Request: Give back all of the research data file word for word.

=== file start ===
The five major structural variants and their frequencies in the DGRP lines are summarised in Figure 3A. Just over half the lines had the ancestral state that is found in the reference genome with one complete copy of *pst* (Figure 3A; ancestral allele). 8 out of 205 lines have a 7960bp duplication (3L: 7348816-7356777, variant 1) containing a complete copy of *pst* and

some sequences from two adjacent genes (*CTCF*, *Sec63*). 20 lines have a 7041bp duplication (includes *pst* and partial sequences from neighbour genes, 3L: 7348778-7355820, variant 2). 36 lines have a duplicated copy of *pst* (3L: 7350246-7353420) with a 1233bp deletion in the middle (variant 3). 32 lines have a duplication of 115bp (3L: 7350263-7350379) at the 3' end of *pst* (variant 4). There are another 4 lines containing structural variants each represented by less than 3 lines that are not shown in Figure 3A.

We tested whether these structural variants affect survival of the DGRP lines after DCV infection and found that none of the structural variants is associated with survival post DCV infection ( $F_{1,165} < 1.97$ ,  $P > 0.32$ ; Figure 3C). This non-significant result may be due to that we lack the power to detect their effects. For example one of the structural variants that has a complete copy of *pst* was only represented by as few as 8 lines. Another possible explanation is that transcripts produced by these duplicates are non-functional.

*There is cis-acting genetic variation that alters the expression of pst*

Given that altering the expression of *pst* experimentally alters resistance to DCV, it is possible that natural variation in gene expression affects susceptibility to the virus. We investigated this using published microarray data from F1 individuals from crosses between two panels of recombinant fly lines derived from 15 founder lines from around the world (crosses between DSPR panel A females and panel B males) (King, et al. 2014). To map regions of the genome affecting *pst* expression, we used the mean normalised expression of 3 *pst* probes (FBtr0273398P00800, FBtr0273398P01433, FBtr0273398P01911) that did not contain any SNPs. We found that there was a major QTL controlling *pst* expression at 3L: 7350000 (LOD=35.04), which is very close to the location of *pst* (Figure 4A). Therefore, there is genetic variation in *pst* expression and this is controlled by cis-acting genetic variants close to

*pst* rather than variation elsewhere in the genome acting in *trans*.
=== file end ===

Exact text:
The five major structural variants and their frequencies in the DGRP lines are summarised in Figure 3A. Just over half the lines had the ancestral state that is found in the reference genome with one complete copy of *pst* (Figure 3A; ancestral allele). 8 out of 205 lines have a 7960bp duplication (3L: 7348816-7356777, variant 1) containing a complete copy of *pst* and

some sequences from two adjacent genes (*CTCF*, *Sec63*). 20 lines have a 7041bp duplication (includes *pst* and partial sequences from neighbour genes, 3L: 7348778-7355820, variant 2). 36 lines have a duplicated copy of *pst* (3L: 7350246-7353420) with a 1233bp deletion in the middle (variant 3). 32 lines have a duplication of 115bp (3L: 7350263-7350379) at the 3' end of *pst* (variant 4). There are another 4 lines containing structural variants each represented by less than 3 lines that are not shown in Figure 3A.

We tested whether these structural variants affect survival of the DGRP lines after DCV infection and found that none of the structural variants is associated with survival post DCV infection ( $F_{1,165} < 1.97$ ,  $P > 0.32$ ; Figure 3C). This non-significant result may be due to that we lack the power to detect their effects. For example one of the structural variants that has a complete copy of *pst* was only represented by as few as 8 lines. Another possible explanation is that transcripts produced by these duplicates are non-functional.

*There is cis-acting genetic variation that alters the expression of pst*

Given that altering the expression of *pst* experimentally alters resistance to DCV, it is possible that natural variation in gene expression affects susceptibility to the virus. We investigated this using published microarray data from F1 individuals from crosses between two panels of recombinant fly lines derived from 15 founder lines from around the world (crosses between DSPR panel A females and panel B males) (King, et al. 2014). To map regions of the genome affecting *pst* expression, we used the mean normalised expression of 3 *pst* probes (FBtr0273398P00800, FBtr0273398P01433, FBtr0273398P01911) that did not contain any SNPs. We found that there was a major QTL controlling *pst* expression at 3L: 7350000 (LOD=35.04), which is very close to the location of *pst* (Figure 4A). Therefore, there is genetic variation in *pst* expression and this is controlled by cis-acting genetic variants close to

*pst* rather than variation elsewhere in the genome acting in *trans*.